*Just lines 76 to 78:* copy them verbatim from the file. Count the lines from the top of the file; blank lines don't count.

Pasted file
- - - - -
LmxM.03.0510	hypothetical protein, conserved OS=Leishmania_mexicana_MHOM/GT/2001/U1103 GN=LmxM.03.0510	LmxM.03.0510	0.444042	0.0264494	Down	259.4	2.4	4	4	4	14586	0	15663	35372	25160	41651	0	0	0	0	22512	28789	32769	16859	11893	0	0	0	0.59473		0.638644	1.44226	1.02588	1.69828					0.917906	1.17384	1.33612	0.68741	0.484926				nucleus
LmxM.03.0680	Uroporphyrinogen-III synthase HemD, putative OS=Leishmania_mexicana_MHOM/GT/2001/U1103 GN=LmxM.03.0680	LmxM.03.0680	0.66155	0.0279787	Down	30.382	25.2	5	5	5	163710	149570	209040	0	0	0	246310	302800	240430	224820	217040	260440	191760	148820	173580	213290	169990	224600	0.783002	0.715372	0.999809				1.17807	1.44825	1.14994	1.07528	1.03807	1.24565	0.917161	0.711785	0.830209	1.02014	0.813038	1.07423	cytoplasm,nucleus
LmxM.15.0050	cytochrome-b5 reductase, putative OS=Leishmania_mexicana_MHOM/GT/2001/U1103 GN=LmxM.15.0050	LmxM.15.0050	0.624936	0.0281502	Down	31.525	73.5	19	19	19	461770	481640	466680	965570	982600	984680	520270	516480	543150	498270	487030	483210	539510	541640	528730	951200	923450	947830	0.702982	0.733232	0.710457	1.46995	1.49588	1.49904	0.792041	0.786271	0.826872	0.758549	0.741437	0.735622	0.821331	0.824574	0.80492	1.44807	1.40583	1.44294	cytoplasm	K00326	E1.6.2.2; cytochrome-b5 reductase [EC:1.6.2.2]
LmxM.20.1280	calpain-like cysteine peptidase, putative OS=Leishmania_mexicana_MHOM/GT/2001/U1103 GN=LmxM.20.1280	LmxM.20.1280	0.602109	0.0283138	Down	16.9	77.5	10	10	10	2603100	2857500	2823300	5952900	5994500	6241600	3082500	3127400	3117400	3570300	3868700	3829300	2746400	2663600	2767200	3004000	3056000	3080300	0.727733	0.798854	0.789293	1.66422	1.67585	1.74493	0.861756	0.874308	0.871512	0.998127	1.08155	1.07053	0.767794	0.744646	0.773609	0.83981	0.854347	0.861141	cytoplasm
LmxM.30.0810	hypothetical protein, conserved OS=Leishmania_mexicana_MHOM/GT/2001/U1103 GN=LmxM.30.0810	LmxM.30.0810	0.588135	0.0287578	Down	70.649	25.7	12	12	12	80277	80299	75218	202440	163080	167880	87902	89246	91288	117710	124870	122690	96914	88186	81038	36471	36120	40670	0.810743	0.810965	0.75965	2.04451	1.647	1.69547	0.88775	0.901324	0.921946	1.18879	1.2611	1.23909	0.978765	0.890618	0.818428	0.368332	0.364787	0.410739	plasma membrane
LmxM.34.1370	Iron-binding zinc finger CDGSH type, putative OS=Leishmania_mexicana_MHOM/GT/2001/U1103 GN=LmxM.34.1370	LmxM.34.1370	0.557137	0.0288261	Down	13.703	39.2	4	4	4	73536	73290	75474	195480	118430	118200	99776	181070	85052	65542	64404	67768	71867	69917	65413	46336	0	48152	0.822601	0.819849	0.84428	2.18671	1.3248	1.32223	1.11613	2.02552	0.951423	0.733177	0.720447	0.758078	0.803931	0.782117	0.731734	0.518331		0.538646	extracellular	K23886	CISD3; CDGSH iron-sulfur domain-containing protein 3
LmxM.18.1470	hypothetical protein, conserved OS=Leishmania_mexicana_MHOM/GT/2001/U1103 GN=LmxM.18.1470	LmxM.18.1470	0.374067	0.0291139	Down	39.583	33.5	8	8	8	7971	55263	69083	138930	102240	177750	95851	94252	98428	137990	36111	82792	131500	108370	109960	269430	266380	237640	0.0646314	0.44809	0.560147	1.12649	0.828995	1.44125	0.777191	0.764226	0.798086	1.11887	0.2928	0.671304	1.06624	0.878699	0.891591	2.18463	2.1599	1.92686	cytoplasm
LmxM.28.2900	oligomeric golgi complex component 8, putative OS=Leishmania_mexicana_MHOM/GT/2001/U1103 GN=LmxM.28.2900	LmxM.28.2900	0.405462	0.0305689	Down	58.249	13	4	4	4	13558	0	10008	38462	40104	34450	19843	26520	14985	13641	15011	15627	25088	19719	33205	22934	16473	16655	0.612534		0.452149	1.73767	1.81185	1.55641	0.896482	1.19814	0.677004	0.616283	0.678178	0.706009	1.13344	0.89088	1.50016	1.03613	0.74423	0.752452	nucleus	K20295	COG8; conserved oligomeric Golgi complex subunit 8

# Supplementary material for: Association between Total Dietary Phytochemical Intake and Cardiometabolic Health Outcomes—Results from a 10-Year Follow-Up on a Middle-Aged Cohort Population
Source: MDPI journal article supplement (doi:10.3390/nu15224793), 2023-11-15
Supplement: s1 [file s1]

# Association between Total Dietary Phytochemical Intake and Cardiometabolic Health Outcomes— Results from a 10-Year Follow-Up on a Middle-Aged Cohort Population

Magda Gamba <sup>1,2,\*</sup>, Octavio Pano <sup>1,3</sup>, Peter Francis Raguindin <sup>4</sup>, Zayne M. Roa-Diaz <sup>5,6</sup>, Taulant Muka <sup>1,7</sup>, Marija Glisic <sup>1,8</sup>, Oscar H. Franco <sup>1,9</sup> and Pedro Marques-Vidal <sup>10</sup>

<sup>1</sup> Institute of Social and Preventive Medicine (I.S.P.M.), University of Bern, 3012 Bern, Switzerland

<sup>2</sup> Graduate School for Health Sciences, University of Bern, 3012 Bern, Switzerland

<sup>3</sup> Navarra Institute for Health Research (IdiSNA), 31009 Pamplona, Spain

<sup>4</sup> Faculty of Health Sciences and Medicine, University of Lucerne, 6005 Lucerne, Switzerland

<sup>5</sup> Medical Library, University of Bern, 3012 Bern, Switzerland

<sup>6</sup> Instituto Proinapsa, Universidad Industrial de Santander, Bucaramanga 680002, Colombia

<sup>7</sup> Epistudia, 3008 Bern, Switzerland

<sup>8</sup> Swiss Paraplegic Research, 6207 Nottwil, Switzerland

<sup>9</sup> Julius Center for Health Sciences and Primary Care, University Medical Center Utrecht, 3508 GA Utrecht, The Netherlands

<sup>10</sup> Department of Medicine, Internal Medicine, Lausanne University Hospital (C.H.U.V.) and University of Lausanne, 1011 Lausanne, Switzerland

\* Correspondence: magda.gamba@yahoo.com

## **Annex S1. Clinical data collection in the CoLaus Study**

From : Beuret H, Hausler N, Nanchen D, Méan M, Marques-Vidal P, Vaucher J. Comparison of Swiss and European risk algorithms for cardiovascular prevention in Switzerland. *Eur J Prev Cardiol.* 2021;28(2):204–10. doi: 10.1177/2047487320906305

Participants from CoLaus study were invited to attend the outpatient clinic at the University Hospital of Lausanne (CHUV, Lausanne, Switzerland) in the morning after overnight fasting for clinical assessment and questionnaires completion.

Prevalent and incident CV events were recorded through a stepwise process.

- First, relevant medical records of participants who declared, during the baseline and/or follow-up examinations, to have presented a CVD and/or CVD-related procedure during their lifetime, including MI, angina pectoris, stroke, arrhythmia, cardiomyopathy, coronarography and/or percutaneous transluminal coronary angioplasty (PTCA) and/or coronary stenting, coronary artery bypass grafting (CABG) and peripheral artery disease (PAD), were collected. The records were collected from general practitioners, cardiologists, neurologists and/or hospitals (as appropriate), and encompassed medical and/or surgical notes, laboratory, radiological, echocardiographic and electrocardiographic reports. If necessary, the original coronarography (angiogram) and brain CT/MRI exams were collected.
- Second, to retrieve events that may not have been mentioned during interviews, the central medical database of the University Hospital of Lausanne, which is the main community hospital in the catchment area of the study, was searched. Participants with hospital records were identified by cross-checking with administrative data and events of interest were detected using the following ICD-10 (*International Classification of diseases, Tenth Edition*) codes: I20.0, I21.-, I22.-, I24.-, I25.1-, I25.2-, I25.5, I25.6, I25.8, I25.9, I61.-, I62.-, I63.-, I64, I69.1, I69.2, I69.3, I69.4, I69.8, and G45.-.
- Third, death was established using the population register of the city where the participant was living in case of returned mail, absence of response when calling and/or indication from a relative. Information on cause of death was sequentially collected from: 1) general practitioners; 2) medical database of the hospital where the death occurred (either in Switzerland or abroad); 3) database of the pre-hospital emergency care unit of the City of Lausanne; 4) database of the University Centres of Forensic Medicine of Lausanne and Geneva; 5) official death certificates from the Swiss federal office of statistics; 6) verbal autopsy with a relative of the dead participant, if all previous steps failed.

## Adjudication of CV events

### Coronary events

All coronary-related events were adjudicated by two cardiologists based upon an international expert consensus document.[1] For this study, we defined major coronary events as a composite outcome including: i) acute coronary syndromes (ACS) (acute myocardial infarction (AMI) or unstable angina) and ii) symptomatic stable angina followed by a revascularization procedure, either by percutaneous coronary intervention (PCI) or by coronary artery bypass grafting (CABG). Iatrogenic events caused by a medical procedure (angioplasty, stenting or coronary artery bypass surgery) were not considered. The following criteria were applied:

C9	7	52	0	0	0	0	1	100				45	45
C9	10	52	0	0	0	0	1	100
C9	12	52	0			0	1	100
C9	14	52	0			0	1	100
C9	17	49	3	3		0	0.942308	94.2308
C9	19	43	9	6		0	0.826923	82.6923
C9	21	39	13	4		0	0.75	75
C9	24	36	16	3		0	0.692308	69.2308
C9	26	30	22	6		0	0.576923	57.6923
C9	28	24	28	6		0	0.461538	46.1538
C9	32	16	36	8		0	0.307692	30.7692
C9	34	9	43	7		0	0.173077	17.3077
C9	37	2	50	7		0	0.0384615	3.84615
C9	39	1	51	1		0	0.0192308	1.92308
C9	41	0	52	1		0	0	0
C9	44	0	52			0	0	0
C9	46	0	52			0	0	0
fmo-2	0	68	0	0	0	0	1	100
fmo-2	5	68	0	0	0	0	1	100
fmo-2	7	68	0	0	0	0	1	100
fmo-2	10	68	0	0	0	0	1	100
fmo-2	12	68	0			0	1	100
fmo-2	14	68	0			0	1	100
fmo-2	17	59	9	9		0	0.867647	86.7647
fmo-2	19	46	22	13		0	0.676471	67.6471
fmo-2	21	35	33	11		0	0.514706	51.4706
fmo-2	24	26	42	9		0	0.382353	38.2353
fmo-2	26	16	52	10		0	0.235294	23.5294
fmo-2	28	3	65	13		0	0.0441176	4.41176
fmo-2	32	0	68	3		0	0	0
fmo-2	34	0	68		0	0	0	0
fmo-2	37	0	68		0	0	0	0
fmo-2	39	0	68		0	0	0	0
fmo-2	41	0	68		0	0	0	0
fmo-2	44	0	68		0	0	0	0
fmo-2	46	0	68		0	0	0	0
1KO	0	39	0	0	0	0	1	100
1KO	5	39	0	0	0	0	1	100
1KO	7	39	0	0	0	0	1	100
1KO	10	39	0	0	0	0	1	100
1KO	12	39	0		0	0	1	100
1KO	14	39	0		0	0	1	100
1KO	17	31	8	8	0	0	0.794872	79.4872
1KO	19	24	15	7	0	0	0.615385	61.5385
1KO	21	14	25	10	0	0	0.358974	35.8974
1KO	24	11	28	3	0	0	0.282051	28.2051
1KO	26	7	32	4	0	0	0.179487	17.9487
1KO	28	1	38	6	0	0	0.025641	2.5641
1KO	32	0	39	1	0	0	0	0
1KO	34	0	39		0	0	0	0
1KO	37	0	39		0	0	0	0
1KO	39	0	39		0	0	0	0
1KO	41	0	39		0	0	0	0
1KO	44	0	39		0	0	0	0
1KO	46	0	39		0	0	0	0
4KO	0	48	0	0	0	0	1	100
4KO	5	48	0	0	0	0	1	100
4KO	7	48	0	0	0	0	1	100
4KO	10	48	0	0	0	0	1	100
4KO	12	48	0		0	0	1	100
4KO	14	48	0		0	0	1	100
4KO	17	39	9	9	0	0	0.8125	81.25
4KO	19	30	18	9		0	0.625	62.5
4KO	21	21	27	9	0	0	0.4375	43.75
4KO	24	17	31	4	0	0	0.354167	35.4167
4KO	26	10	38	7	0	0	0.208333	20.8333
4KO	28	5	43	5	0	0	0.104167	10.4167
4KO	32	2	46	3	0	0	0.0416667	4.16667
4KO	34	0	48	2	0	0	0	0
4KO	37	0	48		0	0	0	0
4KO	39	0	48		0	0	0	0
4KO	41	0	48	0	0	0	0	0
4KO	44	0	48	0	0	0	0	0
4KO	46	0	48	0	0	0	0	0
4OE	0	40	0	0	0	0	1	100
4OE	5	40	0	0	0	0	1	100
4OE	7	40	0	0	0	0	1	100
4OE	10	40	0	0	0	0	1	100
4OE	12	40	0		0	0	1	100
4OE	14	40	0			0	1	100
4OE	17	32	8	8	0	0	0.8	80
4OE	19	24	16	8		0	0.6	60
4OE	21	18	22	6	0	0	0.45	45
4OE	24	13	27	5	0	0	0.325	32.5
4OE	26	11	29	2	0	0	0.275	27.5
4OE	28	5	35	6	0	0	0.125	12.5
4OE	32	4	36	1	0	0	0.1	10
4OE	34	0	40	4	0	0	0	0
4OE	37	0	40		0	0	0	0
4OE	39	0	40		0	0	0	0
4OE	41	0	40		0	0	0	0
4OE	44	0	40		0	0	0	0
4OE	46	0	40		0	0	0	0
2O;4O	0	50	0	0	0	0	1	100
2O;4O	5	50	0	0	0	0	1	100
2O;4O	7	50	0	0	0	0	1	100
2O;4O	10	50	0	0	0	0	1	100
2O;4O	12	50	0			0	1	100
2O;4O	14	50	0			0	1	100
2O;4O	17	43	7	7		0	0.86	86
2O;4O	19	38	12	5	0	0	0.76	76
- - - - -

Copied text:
1KO	14	39	0		0	0	1	100
1KO	17	31	8	8	0	0	0.794872	79.4872
1KO	19	24	15	7	0	0	0.615385	61.5385